“Technically what I’ve been told is that I’m laid off Sept. 29 after seven years of service to the city. ‘There’s the door’ is basically what they tell you,” Thomas said. “Right now I’m focusing on trying to figure out a way to save this, and when that happens I’ll take some time off and then figure out what I’m going to do.”
Fortunately, Thomas is not the only one with vested interest in rescuing the skate park from its current neglected and underutilized state. At the budget finalization, two men approached the City Commission with their own version of a budget for the skate park, one that they said shaves an extra $16,000 in savings off the City Commission’s original budget plan.
Dan Giguere and Mike Walling form the team that operates the local non-profit organization Sk8skool. Giguere is a physical education teacher at the Sarasota School of Arts + Sciences, and started what he believes was the nation’s first school-sponsored skateboarding team four years ago. Since then, he has seen its membership grow from about a dozen kids to a steady annual number of approximately 50 young skaters.
“If you take a look at the budget we proposed,” Giguere’s partner Walling told the City Commission on Sept. 7, “we can save you money, we can turn the skate park into what it ought to be, and I think we can do good things with it.”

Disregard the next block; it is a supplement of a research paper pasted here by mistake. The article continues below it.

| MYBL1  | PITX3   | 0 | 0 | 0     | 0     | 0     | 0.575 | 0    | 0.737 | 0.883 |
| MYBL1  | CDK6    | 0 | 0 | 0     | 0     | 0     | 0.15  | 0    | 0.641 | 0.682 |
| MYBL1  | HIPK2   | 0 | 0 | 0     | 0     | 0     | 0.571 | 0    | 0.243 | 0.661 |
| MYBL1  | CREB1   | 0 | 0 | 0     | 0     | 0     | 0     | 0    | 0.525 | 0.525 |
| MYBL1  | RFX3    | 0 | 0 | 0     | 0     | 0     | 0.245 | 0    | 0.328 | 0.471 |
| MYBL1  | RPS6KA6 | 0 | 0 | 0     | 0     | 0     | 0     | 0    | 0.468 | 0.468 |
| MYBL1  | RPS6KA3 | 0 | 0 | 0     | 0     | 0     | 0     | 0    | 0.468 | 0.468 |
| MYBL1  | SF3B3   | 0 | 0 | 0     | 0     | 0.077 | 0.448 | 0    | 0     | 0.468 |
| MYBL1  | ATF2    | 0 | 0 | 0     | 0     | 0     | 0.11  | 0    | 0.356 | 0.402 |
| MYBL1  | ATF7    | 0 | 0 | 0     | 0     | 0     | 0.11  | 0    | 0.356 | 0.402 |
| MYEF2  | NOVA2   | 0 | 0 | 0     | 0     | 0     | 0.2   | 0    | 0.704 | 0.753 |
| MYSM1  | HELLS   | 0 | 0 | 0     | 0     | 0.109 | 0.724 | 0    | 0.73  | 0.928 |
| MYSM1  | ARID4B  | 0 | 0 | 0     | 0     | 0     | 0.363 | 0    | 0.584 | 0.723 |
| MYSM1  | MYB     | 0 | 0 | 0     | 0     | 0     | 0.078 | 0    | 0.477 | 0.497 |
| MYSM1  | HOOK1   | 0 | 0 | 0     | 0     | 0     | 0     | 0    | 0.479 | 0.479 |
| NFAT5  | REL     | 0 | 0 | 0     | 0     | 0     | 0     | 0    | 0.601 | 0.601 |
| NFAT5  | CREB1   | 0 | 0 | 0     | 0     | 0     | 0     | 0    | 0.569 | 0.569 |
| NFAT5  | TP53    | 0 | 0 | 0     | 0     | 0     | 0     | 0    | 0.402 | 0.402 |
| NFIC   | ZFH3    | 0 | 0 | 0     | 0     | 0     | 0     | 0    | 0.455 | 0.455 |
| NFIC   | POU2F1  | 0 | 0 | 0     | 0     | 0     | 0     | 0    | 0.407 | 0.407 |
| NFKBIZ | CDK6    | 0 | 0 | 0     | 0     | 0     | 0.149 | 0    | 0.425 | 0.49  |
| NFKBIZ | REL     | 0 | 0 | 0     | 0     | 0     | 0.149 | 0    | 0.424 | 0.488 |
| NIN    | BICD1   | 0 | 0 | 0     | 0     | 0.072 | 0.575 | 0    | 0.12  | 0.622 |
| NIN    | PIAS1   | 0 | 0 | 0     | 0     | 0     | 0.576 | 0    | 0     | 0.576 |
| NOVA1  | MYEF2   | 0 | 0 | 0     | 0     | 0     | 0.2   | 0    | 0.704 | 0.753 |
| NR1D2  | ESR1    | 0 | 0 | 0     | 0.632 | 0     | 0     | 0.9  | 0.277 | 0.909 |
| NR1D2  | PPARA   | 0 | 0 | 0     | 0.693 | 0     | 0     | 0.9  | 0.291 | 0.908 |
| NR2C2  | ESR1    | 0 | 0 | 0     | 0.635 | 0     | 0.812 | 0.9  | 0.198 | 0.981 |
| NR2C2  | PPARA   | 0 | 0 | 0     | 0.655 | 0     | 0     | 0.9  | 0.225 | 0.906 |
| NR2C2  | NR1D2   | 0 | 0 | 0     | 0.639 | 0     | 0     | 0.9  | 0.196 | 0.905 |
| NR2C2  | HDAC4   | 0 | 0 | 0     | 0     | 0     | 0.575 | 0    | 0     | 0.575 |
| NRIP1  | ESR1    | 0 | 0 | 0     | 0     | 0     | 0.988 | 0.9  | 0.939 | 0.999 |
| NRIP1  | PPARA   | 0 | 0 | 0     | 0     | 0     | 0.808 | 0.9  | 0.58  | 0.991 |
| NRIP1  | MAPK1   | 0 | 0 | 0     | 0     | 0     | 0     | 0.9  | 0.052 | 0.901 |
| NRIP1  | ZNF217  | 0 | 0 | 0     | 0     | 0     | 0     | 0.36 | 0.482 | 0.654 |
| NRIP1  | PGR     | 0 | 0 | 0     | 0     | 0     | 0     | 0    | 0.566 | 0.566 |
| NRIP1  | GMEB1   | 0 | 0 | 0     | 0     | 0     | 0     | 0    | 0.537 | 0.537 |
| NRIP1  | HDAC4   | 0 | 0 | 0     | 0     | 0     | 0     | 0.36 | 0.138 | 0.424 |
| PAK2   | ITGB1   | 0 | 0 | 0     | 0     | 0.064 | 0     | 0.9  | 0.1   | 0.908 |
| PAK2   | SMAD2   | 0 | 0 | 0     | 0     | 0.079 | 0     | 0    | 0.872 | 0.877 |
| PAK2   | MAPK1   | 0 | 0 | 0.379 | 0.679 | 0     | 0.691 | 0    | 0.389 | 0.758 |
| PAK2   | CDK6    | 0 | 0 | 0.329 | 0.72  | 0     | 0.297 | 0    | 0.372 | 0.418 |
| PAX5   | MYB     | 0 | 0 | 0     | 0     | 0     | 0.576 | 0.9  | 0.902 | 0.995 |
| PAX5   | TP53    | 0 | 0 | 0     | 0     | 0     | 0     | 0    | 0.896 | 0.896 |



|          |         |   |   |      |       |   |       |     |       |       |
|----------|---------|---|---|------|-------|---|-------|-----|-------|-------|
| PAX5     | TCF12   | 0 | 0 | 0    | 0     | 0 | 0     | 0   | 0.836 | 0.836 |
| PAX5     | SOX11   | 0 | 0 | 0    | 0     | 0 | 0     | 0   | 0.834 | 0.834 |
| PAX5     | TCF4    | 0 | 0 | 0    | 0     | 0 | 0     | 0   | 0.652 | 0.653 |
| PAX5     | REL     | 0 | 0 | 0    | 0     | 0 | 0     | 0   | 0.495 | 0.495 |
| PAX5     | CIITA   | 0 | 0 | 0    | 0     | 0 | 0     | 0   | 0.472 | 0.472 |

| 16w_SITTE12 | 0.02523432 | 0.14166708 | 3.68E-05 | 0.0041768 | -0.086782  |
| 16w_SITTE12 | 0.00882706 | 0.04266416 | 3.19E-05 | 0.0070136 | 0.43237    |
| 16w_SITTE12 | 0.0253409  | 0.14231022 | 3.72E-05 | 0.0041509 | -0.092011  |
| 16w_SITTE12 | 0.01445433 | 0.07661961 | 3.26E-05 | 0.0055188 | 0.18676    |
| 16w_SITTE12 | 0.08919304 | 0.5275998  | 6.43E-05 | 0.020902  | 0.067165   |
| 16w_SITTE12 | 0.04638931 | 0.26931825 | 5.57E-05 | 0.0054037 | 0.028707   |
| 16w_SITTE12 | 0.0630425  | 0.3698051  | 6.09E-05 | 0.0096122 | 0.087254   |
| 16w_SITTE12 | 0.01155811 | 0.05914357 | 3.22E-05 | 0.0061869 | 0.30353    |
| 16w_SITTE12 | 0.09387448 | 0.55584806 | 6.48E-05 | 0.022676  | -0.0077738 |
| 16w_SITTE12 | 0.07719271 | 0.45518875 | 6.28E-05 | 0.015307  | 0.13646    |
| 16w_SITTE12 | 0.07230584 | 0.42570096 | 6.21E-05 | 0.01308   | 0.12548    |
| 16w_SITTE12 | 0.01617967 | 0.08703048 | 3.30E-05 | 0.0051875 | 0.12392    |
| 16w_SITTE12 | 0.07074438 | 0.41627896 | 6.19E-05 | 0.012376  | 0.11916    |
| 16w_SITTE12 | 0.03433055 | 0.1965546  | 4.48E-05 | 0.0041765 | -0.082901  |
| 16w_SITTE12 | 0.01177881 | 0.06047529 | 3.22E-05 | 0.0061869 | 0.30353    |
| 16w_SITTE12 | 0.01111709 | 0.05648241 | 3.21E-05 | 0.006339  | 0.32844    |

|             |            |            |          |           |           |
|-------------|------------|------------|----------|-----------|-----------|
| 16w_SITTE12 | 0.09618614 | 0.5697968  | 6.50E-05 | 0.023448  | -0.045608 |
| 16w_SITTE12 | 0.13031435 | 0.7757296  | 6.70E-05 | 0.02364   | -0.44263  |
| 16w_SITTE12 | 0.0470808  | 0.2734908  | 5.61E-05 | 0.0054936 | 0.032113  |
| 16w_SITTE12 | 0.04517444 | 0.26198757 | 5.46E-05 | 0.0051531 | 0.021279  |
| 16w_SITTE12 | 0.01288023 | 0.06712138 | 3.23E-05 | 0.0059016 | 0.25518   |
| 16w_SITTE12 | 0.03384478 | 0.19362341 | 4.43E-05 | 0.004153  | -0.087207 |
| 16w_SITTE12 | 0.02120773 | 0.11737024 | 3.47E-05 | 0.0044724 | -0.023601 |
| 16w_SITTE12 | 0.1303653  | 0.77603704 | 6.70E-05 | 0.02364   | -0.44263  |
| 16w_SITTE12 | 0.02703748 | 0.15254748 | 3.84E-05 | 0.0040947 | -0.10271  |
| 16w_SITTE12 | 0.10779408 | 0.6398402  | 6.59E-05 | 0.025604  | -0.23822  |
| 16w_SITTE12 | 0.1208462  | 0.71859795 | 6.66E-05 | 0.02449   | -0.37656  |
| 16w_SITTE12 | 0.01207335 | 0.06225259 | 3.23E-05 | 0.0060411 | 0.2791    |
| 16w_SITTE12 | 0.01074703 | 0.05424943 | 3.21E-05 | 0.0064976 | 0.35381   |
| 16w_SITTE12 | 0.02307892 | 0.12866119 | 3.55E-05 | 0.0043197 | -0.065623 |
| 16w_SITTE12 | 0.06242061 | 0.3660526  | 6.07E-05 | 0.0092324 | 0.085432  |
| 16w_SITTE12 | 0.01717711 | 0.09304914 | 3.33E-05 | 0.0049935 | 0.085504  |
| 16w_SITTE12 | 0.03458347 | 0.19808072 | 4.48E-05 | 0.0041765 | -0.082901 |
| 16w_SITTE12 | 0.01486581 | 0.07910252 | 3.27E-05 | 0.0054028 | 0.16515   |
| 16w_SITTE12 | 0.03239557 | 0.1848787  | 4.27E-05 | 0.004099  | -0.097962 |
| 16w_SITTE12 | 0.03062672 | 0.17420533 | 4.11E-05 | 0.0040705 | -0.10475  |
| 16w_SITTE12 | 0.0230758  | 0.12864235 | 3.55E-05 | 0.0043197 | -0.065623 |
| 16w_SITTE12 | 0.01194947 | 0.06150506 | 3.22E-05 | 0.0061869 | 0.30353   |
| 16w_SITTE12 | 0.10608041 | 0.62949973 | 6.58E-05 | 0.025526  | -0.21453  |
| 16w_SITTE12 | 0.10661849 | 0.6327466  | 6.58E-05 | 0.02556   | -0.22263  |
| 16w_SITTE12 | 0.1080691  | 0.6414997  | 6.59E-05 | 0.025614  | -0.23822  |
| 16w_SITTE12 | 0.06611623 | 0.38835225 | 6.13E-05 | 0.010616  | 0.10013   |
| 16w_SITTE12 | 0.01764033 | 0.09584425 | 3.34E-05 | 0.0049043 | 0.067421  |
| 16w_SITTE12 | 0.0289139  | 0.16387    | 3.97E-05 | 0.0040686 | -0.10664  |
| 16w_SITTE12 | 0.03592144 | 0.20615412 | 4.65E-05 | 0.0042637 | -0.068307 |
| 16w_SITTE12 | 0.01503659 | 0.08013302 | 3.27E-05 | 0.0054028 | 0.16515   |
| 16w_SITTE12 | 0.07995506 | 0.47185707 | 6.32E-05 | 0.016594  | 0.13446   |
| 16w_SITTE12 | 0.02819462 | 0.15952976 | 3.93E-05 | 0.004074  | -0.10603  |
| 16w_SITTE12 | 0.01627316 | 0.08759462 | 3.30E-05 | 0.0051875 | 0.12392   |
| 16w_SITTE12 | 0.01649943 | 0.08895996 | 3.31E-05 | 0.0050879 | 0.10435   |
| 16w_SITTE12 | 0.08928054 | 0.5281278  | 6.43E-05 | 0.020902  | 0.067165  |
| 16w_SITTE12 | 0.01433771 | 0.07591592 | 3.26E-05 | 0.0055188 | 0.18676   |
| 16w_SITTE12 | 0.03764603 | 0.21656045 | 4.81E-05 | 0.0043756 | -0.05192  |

Although the commission passed the budget as it stood by a 3-2 vote, the commissioners were receptive to Giguere and Walling’s proposal. Vice-Mayor Fredd “Glossie” Atkins said he was “intrigued” by their offer, and Kirschner exhorted the pair to act swiftly and start dialogue with city staff in the recreation and purchasing departments before the budget goes into action on Oct. 1. Not only does the City Commission need to determine if Sk8skool’s budget plan is realistic, but there are many legal ramifications to work through if the city were to partner up with Sk8skool to manage the park.
Walling explained to the Catalyst that Sk8skool’s top priorities are to extend the park’s hours of operation –– on weekdays it’s only open from 3:00 p.m. to 8:00 p.m. –– continue to keep a team of staff and actually generate some revenue in order to lower the staggeringly high admission fees: it costs skaters eight dollars per day to skate, or $100 for a year-long membership.
“Ultimately what I want to do is keep this thing open until 10, 11 o’clock at night every night and make it free. Right now, eight bucks a pop –– a lot of these kids can’t afford that. It costs me $300 a year for me and my boys to skate here. That’s a lot of money. Five years ago it didn’t seem like a lot, but now it does –– now that I’m making half of what I made five years ago.”